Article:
Healy-Abrams also believes that there is room for improvement in the Affordable Care Act (Obamacare) with respect to how it deals with small businesses. As a small business owner, the health care costs were one of the biggest costs that I had for my employees, she said. We always provided health care insurance for them. It went up 25 to 35 percent every single year because we had a small pool. The Affordable Care Act isnt helpful for small businesses that have fewer than 50 employees.

Healy-Abrams has never held elected office before, but she comes from a family with substantial experience in politics. Her father, the late William J. Healy, served in the Ohio House of Representatives from 1975 to 2000. Her brother, William J. Healy II, served one term in the Ohio House, from 2005 to 2007, before becoming the mayor of Canton, a position he holds today.

Healy-Abrams has worked with community non-profit groups geared toward arts and education. She has also spent time working on issues affecting womens health care and children with special needs. Most of the organizations that Ive volunteered for really do affect the middle class and the poor, she said. Having access to health care is very important to people and I dont think that it should be a perk or an extra.

Sometimes people will make short-term decisions when theyre not looking at the long-term implications, Healy-Abrams said. When I look at Congressman Gibbs choosing to change Medicare as we know it and make it a voucher program which to me is basically a cost-shifted program for seniors while removing the government guarantees, thats a long-term concern. And it should be a concern for young people, as they graduate from college, get good jobs, and pay into Medicare and Social Security for their entire lives, with the expectation that it will be made available to them when they retire.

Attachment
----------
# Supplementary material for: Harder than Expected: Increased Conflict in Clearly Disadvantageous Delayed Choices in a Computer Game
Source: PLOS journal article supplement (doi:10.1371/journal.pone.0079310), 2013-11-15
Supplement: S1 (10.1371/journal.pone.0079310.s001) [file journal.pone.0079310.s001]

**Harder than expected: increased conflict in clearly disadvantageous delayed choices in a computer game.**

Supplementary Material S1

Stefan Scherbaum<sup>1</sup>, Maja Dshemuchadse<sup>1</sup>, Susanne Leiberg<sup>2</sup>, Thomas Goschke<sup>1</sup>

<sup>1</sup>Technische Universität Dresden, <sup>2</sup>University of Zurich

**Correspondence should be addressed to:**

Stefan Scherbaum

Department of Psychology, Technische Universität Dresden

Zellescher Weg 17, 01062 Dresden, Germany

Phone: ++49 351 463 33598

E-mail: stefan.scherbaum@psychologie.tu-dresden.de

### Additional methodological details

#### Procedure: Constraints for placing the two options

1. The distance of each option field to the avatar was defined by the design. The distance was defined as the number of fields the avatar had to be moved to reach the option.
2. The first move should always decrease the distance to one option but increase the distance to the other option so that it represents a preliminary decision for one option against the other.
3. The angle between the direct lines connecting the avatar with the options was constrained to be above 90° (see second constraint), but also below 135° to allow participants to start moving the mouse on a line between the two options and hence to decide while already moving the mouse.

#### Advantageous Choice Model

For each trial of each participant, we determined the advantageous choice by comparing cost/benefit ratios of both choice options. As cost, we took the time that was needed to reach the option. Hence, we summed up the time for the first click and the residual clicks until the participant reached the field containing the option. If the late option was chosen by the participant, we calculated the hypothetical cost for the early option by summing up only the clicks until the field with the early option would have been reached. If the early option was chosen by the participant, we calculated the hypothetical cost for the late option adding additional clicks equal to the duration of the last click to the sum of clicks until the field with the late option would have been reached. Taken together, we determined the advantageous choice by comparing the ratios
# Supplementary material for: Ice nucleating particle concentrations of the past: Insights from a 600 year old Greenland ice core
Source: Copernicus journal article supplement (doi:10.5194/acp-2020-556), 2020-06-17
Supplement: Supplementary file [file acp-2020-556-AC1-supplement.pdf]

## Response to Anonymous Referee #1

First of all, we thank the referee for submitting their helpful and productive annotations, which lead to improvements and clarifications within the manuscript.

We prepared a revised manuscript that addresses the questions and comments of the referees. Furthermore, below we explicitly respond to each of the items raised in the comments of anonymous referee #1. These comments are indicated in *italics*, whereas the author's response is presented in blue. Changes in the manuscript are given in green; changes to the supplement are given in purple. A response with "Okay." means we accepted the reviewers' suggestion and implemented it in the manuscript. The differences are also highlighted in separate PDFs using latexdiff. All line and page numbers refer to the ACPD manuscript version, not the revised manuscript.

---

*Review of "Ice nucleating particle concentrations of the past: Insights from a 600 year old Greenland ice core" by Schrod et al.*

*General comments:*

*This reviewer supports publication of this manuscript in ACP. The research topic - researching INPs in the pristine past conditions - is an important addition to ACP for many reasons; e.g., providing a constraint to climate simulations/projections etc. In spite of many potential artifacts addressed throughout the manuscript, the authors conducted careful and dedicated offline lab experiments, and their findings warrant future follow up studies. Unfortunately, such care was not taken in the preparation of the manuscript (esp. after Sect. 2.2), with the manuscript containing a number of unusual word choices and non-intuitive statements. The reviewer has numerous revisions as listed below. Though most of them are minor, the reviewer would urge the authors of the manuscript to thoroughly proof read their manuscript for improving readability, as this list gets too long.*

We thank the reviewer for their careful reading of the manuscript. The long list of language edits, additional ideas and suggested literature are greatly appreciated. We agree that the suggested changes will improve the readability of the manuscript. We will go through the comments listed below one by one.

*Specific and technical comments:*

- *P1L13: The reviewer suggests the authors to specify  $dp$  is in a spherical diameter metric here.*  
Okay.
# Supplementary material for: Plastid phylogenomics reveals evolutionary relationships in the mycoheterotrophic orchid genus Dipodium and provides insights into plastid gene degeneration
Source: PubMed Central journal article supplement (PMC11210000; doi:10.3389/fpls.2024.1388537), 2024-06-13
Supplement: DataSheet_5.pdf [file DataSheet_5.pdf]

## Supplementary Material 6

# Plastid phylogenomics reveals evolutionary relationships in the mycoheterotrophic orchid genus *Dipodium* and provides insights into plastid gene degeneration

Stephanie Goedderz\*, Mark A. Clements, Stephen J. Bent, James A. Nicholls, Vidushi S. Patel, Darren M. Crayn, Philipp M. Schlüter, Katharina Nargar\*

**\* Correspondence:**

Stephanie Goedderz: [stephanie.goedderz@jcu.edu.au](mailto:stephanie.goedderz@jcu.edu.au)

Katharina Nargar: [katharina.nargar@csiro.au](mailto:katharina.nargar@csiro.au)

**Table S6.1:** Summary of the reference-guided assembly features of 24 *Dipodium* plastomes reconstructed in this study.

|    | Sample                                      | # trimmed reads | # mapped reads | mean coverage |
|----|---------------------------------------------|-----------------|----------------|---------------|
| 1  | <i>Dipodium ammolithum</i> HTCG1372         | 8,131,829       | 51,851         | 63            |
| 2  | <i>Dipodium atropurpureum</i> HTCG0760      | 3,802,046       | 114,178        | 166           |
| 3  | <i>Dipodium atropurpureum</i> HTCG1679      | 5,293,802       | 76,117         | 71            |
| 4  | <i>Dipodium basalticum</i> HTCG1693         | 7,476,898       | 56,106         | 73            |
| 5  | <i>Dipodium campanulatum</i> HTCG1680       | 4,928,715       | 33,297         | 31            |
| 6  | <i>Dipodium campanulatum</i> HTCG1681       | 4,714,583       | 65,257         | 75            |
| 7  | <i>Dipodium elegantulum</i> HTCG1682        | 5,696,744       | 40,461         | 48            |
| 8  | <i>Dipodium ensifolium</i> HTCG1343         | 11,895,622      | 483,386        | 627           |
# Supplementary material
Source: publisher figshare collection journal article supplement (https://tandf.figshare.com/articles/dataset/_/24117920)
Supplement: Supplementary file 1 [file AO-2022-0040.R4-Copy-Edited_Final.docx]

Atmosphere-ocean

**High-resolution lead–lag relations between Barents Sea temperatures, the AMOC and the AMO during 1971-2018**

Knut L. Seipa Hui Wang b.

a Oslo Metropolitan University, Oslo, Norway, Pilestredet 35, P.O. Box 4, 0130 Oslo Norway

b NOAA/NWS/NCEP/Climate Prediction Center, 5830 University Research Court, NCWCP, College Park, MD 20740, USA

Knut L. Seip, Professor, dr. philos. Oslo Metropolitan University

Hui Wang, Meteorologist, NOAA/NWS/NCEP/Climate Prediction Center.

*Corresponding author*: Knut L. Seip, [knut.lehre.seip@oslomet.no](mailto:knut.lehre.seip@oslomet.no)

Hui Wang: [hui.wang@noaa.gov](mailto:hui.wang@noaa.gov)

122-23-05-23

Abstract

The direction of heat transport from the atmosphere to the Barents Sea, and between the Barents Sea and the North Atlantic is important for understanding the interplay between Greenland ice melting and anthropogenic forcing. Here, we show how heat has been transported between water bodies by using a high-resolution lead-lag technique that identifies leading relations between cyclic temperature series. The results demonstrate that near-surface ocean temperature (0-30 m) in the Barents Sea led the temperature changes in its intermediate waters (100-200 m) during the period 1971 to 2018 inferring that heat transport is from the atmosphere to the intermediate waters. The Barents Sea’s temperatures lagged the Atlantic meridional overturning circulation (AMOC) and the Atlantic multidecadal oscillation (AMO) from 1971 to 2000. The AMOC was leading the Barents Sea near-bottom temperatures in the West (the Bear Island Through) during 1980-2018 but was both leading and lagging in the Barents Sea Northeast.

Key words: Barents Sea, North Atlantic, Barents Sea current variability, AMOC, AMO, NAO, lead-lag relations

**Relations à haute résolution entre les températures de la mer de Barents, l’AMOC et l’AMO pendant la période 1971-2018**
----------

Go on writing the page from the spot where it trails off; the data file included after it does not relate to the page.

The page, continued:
Healy-Abrams has seen less funding from the Democratic National Committee than many of her fellow congressional candidates. A few weeks ago, National Journal reported that the Democratic Congressional Campaign Committee (DCCC) pulled its ad spending in Ohios seventh district for the week of Oct. 18-22.

Theyre looking at the whole country, Healy-Abrams said of the DCCC. Were finding [that advertising is] having less impact on the voters. People are getting desensitized to it and theyre not watching it as much. With her campaign lagging behind Gibbs reelection effort in fundraising numbers, Healy-Abrams is betting on a robust get-out-the-vote effort, or what political pundits refer to as the ground game, in contrast to the TV advertising air war.

Im more interested in investing in my field operations at this point in my campaign, Healy-Abrams said. I want to actually talk to the voters as opposed to doing the marketing on a larger scale.

Healy-Abrams told the Collegian she was looking forward to debating her opponent. We were trying for a very long time to engage Congressman Gibbs on his record, and I think the voters need to know what our campaigns are about and what our positions are about, she said.